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555 Phil. 225


[ G.R. NO. 152531, July 27, 2007 ]




Challenged in this Petition for Review on Certiorari under Rule 45 of the 1997 Rules of Civil Procedure, as amended, are the Decision[1] dated July 25, 2001 and Resolution dated January 18, 2002 of the Court of Appeals in CA-G.R. SP No. 59424.

Rodelia S. Fungo, petitioner, alleged in her petition that on June 1, 1981, she was employed as secretary of respondent Fr. Servillano B. Bustamante, rector of Lourdes School of Mandaluyong. Respondent Fr. Bustamante authorized her to file and keep confidential documents in his office. He entrusted to her the duplicate keys of the filing cabinet and she was allowed to take any document therefrom whenever she had to bring some matters to his attention.

In January 1996, petitioner's husband, Nicolas Fungo, an elementary school teacher in the same school, was dismissed from the service because of his low performance rating. According to petitioner, her husband's services were terminated because of his statement during a faculty meeting that the Mission and Vision Statement of the school is not being practiced. He was also one of those who signed a letter asking the Provincial Minister of the Capuchins in the Philippines to appoint Fr. Miguel Peralta either as rector or vice rector of the school. Fr. Peralta is "a close rival" of respondent Fr. Bustamante since their seminary days.

Petitioner then wrote respondent Fr. Bustamante questioning the performance rating given to her husband. She attached to her letter documents containing the summary of efficiency ratings of all the teachers. She retrieved these documents from the filing cabinet.

On March 8, 1996 petitioner received a letter from respondent Fr. Bustamante requiring her to explain in writing why she should not be dismissed from employment for willful breach of trust reposed on her.

On March 11, 1996, petitioner filed her written explanation.

Petitioner further alleged in her petition that in the morning of April 1, 1996, Fr. Manuel Remirez, the school treasurer, summoned her to his office. Thereupon, he compelled her to tender her resignation within 30 minutes, otherwise, she will not receive her separation pay. Petitioner pleaded for one day deferment so she could consult her aunt, Milagros Tadeo, former assistant principal on academics for the elementary department of the same school. However, Fr. Remirez denied her plea. Considering that her husband was jobless and that her family was in financial predicament, petitioner submitted her resignation letter[2] on the very same day. Subsequently, she received her separation pay.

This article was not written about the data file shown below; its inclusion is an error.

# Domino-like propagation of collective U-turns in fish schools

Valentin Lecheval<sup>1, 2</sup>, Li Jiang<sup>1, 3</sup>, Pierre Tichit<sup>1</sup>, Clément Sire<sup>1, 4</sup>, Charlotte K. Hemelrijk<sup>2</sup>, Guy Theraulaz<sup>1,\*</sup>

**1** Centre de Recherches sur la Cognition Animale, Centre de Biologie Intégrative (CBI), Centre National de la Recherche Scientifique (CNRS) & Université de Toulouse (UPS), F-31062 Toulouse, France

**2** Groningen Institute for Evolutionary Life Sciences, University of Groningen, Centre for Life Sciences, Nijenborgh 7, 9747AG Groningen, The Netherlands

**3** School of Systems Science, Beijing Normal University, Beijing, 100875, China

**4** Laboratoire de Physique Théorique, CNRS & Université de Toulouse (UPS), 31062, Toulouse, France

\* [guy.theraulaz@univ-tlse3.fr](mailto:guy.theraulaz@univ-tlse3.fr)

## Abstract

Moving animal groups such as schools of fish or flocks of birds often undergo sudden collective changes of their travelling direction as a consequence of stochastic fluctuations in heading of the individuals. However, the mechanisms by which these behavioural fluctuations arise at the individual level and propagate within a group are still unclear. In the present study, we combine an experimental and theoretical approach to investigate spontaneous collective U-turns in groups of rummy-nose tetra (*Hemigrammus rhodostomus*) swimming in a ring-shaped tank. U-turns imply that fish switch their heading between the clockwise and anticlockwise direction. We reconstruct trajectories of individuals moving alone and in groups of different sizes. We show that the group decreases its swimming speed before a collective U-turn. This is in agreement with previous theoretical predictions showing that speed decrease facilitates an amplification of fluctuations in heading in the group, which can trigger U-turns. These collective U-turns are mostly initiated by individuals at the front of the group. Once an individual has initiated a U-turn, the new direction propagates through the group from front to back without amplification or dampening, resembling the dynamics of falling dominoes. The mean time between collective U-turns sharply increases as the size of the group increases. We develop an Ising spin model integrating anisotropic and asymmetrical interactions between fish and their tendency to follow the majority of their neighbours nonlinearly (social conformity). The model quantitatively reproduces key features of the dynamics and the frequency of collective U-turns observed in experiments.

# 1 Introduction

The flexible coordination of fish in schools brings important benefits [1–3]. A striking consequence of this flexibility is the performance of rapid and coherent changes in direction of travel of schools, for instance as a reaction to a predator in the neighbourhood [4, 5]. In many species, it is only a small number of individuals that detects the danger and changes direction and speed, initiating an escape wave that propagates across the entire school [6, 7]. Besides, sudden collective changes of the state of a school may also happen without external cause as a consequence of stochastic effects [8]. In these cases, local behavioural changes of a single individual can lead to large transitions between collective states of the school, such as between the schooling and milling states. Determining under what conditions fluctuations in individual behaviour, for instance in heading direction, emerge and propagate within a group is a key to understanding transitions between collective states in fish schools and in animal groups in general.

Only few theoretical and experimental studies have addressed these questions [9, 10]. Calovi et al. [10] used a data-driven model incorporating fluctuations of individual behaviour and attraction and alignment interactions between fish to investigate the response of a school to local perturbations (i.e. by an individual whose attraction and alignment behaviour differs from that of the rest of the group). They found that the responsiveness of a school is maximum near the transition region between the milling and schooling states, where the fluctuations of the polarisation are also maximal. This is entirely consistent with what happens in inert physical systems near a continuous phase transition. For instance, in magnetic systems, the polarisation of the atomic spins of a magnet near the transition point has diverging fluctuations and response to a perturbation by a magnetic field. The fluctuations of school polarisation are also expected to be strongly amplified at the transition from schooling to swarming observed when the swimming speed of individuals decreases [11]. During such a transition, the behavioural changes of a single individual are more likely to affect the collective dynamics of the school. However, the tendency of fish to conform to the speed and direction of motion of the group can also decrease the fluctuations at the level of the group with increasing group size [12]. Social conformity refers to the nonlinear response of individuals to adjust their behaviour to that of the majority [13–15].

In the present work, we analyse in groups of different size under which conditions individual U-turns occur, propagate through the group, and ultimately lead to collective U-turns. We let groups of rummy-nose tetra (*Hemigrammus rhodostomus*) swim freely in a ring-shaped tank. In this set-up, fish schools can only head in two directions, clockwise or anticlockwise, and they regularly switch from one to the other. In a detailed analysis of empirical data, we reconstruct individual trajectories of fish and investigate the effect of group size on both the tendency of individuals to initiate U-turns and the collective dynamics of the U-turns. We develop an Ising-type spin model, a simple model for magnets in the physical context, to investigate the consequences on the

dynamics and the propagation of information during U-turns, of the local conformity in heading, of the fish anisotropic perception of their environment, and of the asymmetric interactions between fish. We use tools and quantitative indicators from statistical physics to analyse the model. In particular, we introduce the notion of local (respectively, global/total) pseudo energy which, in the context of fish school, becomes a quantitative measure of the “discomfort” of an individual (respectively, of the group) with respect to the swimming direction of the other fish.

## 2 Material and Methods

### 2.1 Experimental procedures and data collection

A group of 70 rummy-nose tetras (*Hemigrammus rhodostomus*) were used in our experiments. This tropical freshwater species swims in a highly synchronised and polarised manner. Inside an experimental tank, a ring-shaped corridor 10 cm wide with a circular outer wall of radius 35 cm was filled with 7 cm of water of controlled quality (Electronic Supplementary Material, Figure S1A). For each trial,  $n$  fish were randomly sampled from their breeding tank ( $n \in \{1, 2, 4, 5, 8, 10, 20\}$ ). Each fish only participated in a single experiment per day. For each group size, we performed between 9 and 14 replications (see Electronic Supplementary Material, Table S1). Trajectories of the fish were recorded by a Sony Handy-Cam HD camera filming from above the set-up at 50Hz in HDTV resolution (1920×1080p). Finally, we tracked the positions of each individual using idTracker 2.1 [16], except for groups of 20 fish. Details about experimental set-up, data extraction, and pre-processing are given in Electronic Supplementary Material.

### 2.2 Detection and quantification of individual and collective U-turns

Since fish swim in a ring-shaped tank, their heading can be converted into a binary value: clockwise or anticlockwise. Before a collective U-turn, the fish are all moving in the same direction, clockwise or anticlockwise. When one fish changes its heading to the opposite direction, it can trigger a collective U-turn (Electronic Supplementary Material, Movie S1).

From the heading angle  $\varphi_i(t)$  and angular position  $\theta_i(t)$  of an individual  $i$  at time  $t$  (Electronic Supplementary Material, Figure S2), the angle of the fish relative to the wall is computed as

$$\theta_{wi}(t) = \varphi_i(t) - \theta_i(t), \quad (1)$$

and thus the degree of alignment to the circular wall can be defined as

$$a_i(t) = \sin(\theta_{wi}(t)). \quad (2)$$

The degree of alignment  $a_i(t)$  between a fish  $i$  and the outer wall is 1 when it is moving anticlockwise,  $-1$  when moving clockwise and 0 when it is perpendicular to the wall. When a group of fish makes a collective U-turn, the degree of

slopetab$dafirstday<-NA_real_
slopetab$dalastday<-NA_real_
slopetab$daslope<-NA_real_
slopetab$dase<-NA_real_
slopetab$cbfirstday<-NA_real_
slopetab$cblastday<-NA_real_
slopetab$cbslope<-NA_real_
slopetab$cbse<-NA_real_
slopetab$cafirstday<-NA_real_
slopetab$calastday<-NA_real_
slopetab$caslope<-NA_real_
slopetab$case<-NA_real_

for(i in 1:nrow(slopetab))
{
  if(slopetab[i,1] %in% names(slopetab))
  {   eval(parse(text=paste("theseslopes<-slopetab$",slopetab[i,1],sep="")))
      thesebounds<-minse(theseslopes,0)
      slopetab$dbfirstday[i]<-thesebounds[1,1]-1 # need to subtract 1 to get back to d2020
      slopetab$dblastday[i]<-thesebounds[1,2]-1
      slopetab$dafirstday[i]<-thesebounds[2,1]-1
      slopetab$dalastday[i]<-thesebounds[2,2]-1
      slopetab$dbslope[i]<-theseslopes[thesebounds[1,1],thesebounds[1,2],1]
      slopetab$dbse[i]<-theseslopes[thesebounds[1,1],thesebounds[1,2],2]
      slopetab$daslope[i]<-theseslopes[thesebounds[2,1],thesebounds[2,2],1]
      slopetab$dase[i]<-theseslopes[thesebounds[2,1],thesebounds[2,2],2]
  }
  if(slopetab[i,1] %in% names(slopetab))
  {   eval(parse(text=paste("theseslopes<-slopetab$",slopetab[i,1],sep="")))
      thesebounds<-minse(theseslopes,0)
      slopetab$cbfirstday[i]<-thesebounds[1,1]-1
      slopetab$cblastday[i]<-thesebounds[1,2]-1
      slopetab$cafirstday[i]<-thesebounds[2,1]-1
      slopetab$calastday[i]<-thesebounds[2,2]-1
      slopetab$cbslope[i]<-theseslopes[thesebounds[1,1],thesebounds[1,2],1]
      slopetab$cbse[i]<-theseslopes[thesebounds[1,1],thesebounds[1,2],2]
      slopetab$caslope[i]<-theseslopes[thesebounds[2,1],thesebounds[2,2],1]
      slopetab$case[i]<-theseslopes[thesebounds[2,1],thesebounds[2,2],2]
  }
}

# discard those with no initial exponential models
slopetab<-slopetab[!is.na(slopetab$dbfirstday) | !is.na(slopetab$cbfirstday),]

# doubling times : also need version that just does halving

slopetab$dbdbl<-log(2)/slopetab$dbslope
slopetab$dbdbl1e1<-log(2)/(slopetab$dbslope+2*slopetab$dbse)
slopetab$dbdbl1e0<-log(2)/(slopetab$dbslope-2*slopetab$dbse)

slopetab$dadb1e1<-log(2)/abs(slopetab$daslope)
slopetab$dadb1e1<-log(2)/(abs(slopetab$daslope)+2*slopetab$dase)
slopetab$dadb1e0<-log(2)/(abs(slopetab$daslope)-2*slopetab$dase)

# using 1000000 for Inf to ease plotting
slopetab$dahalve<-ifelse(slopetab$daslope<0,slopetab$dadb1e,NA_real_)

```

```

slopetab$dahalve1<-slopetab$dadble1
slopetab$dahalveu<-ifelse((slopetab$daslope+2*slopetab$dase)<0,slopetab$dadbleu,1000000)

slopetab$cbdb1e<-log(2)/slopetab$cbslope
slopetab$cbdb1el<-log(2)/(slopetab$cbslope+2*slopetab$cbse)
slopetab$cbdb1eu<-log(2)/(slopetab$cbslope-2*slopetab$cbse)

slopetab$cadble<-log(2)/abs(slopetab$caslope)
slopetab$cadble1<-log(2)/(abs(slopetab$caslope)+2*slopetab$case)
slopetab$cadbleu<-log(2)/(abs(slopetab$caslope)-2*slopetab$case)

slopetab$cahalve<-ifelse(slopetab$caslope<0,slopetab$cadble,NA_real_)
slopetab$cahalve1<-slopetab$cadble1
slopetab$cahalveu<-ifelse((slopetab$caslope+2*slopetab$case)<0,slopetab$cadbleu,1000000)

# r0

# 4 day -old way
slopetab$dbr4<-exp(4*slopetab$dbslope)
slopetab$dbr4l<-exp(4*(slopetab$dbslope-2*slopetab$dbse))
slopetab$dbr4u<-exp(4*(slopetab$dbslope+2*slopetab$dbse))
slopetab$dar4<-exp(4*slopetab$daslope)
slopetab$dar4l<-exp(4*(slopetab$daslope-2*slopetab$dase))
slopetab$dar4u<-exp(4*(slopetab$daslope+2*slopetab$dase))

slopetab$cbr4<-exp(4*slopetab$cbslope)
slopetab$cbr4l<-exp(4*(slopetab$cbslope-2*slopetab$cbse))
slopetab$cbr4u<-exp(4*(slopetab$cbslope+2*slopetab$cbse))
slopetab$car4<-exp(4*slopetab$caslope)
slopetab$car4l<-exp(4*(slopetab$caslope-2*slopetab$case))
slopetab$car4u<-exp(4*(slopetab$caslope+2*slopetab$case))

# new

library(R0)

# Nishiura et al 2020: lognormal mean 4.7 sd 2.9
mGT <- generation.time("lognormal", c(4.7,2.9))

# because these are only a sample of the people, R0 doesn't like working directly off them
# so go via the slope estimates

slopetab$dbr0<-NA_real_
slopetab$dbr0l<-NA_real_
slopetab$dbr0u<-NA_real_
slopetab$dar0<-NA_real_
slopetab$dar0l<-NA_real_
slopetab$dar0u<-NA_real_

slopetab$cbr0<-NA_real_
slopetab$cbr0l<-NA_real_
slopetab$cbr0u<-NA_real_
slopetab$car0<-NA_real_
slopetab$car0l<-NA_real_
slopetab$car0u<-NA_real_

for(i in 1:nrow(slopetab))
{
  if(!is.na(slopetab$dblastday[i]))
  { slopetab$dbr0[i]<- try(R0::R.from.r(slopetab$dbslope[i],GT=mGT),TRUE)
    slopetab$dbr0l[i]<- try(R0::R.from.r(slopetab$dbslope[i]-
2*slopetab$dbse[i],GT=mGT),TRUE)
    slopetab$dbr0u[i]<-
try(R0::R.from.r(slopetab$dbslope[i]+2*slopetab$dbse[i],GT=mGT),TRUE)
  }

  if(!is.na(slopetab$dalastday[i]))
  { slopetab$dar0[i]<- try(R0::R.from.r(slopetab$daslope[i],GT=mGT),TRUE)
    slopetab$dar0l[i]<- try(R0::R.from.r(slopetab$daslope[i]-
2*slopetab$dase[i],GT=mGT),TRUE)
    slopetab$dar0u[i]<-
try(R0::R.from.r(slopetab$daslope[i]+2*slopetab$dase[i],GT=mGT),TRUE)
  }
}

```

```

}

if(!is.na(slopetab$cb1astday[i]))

On January 28, 1997, petitioner filed with the Labor Arbiter a complaint for illegal dismissal with prayer for reinstatement and payment of backwages and other benefits, as well as for an award of moral and exemplary damages and attorney's fees. Petitioner alleged therein that she was forced to resign and to accept her separation pay; and that Fr. Remirez took advantage of her economic plight, compelling her to submit her resignation letter within 30 minutes.

Respondents, in their answer, denied the allegations in the complaint, contending that petitioner voluntarily submitted her resignation letter on April 1, 1996. She even filed with the school an application for benefits under the Retirement Plan of the Catholic Educational Association of the Philippines (CEAP) which was granted. Then she executed a waiver of her claims for benefits from the school and the CEAP board of trustees. Respondents thus prayed that the complaint be dismissed for being malicious and baseless.

On September 23, 1998, the Labor Arbiter promulgated a Decision[3] finding that petitioner was constructively dismissed from employment. The dispositive portion reads:
WHEREFORE, premises considered, judgment is hereby entered in favor of complainant and against respondents, ordering the latter, jointly and severally, as follows:
  1. To pay the sum of P316,187.00 as backwages of complainant from April 1, 1996 up to September 1, 1998, less P58,292.60 which was paid to her in advance;

  2. To pay another sum of P21,806.00 as mandatory 13th month pay of the complainant for two years, 1996 and 1997; and

  3. To immediately reinstate complainant to her former or equivalent position under the same terms and conditions prevailing prior to her dismissal or separation, or, at the option of the employer, to reinstate her name in the payroll, also under the same terms and conditions prevailing prior to her dismissal or separation. Provided; however, that should reinstatement be no longer feasible due to any intervening event, respondents are further ordered to pay the separation pay of complainant equivalent to her one (1) month salary per year of service, a fraction of six (6) months considered as one (1) year without qualification or deduction in addition to her backwages. All other issues or claims are hereby ordered DISMISSED for lack of merit.
On appeal, the National Labor Relations Commission (NLRC), in its Decision dated November 22, 1999, reversed the Labor Arbiter's judgment, holding that based on the documentary evidence presented by respondents, petitioner voluntarily resigned. Her resignation letter and application for benefits under the CEAP Retirement Plan negate her claim that she was illegally dismissed.

Petitioner filed a motion for reconsideration but the NLRC denied the same in its Resolution[5] dated April 17, 2000.